All About AMFm

Big news in the international development world last week: the Global Fund announced it would no longer fund the $225 million Affordable Medicines Facility-malaria (AMFm) project. This is a significant decision, both because it will have an immediate human impact and for what it signals to future initiatives.

The debate has been vigorous and a perfect way to glean a lot of insight in a short time about a complicated topic – especially for someone like me, who knew relatively little coming in. I had a number of questions coming into the research, so you may too; this will be necessarily high-level but hopefully still useful.

What is malaria and what is its impact?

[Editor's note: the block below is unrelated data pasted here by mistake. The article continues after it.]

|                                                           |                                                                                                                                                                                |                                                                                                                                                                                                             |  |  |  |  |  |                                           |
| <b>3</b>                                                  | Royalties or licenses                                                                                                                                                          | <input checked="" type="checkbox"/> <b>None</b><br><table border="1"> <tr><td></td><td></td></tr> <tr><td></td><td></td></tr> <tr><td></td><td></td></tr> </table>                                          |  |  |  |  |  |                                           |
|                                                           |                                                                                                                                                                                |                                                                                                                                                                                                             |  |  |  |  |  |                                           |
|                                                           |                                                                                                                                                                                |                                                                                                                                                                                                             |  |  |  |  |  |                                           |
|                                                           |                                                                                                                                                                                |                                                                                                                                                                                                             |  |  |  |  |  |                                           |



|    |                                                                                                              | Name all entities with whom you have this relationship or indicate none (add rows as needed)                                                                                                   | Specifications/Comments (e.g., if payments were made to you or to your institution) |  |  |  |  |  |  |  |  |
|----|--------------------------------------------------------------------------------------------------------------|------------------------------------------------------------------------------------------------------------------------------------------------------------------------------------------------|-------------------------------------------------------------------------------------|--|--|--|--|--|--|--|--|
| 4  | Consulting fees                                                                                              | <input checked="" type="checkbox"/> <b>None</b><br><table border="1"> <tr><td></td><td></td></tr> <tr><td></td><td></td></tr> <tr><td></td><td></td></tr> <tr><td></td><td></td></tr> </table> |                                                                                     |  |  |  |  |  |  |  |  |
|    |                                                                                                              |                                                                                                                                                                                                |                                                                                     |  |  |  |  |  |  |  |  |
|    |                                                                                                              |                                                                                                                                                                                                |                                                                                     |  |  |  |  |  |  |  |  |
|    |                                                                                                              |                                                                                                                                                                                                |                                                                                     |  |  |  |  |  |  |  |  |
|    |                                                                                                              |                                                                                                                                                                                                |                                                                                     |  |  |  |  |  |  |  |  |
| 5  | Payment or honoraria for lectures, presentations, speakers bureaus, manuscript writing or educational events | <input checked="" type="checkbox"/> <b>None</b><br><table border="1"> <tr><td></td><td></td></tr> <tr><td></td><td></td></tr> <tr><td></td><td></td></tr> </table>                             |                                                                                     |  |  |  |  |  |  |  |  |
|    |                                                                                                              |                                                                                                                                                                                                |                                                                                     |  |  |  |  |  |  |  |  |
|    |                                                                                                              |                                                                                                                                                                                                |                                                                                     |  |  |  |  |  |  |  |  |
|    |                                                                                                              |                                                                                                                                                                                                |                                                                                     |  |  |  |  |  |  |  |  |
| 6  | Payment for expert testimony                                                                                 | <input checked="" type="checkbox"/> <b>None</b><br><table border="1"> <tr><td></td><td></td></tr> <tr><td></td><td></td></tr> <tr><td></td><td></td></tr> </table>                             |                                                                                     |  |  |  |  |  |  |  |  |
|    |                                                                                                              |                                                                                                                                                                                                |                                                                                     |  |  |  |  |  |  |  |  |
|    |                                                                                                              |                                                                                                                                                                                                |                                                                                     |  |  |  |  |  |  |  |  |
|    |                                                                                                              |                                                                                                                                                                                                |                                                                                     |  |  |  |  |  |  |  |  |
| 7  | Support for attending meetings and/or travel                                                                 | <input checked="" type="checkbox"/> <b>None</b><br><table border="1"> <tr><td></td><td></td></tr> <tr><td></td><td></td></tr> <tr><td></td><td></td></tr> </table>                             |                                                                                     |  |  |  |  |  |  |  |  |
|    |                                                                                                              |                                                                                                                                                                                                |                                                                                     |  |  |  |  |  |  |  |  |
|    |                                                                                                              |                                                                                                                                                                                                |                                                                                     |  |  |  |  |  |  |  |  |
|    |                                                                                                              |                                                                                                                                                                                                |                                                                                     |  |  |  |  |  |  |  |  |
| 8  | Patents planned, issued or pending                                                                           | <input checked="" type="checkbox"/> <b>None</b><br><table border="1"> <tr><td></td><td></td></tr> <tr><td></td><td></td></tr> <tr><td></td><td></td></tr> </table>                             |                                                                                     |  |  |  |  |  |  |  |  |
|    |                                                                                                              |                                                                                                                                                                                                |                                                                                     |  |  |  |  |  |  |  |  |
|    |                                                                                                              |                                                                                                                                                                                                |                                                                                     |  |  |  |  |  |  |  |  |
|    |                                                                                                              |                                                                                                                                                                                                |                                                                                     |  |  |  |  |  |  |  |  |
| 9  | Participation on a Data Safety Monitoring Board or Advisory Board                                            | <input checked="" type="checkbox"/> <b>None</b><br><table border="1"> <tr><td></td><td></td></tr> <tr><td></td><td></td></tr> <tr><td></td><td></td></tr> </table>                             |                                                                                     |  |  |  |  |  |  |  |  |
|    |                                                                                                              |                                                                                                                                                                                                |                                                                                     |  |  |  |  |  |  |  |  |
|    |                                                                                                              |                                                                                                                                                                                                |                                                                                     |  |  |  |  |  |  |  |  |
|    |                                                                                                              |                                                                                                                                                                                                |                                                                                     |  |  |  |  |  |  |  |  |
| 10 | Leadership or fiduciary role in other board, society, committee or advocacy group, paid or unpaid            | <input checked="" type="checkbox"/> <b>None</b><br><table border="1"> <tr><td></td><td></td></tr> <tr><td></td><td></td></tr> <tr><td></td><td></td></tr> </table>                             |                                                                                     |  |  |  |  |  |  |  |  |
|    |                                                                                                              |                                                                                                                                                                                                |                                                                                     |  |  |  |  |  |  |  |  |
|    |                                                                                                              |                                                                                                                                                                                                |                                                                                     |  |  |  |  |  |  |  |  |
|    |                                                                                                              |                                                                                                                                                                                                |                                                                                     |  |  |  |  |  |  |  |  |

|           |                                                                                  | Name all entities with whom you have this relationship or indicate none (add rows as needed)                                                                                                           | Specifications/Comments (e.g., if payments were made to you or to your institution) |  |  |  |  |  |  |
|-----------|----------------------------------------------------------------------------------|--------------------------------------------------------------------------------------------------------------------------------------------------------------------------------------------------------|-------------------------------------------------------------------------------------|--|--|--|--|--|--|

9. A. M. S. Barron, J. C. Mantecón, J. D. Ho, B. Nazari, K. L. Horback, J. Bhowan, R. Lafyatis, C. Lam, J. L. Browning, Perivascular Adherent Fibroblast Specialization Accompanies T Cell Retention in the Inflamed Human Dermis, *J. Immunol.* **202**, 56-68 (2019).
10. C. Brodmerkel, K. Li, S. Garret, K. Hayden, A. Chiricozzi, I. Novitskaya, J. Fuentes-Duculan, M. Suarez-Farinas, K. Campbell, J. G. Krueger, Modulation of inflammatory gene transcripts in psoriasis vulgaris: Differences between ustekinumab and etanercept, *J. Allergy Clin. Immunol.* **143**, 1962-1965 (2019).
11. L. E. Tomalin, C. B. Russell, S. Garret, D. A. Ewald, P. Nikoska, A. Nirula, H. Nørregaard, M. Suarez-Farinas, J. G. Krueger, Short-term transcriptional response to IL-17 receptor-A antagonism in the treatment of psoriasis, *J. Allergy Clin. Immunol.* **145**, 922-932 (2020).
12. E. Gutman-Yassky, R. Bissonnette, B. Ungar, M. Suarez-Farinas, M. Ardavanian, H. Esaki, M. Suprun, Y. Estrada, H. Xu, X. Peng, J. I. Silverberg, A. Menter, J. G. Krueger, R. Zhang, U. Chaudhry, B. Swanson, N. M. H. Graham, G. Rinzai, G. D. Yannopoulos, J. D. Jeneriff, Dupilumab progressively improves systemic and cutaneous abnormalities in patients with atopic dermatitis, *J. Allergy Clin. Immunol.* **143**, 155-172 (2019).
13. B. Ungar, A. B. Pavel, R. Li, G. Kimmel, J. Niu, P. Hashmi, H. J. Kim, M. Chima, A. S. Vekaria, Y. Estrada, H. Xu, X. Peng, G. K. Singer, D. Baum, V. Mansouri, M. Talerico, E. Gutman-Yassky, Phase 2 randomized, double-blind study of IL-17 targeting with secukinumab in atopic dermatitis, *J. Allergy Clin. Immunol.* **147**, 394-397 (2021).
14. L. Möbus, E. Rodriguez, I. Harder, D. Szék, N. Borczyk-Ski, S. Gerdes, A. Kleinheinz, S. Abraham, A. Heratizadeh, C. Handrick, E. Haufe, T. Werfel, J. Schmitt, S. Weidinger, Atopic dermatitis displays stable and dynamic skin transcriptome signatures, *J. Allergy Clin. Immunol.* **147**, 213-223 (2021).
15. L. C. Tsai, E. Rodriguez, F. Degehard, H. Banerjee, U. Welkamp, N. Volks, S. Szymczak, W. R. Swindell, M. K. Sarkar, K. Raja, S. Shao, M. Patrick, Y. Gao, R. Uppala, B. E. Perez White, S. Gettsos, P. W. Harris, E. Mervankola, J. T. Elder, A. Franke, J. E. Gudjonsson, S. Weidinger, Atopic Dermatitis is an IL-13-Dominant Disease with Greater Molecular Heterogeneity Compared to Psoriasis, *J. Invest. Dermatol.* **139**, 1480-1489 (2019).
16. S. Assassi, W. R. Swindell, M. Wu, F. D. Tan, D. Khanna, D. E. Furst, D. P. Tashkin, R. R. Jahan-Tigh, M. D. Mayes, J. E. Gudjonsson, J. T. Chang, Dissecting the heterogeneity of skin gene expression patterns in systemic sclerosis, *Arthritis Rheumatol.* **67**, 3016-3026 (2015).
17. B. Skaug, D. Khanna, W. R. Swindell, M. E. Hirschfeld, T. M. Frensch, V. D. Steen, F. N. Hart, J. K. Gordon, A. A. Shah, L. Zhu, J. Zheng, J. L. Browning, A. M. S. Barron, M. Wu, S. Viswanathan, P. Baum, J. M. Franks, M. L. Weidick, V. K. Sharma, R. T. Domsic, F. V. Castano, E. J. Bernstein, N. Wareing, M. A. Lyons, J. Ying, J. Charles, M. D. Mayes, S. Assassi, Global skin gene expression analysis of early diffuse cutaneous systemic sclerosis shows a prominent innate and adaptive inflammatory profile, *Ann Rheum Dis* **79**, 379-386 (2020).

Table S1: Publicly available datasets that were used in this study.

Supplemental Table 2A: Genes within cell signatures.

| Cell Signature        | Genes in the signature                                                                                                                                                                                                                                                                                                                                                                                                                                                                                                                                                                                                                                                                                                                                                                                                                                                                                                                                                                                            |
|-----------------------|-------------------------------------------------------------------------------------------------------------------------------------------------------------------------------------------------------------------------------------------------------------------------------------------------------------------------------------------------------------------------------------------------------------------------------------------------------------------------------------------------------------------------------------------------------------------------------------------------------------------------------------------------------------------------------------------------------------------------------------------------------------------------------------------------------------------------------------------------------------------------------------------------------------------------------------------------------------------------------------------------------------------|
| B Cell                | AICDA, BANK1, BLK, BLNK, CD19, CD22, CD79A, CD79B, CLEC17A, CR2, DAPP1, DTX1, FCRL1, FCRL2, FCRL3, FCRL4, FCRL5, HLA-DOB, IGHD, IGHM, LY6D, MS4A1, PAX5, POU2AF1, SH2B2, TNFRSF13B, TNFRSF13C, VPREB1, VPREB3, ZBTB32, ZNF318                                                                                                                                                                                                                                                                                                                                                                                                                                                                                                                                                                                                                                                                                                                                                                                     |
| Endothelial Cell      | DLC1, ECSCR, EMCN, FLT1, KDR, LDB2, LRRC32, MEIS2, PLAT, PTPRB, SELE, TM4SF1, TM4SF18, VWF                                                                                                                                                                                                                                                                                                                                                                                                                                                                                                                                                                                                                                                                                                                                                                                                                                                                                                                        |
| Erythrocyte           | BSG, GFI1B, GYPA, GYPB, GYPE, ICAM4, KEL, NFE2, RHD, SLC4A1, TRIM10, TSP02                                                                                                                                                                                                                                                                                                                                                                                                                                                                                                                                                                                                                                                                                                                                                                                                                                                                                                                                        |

Overview. Malaria is a parasitic infection that afflicted 216 million people in 2010, according to estimates by the World Health Organization (WHO), causing approximately 655,000 deaths. It’s transmitted to humans by female Anopholes mosquitoes, and isn’t contagious (as a blood-borne illness, though, it can be contracted through needle sharing and passed from mother-to-baby). The vast majority of cases are found in sub-Saharan Africa and East Asia.

Symptoms. Common symptoms include fever, chills, muscle aches, tiredness, and paroxysms (spasms or seizure – yes, I had to look it up too). As you’d expect, achy, tired people that occasionally have seizures are not very productive; studies have made the case that malaria causes poverty – the “malarial trap” as a symptom – and reduces per capita income by half, though others have advised caution in making a direct link. There are many, many confounding variables, but it seems fair to contend that malaria causes at least some of the per capita difference between non-malarial countries and malaria-infected countries (in 1995, $8,268 and $1,526 respectively); another estimate puts the productivity loss in Africa at $12 billion per year.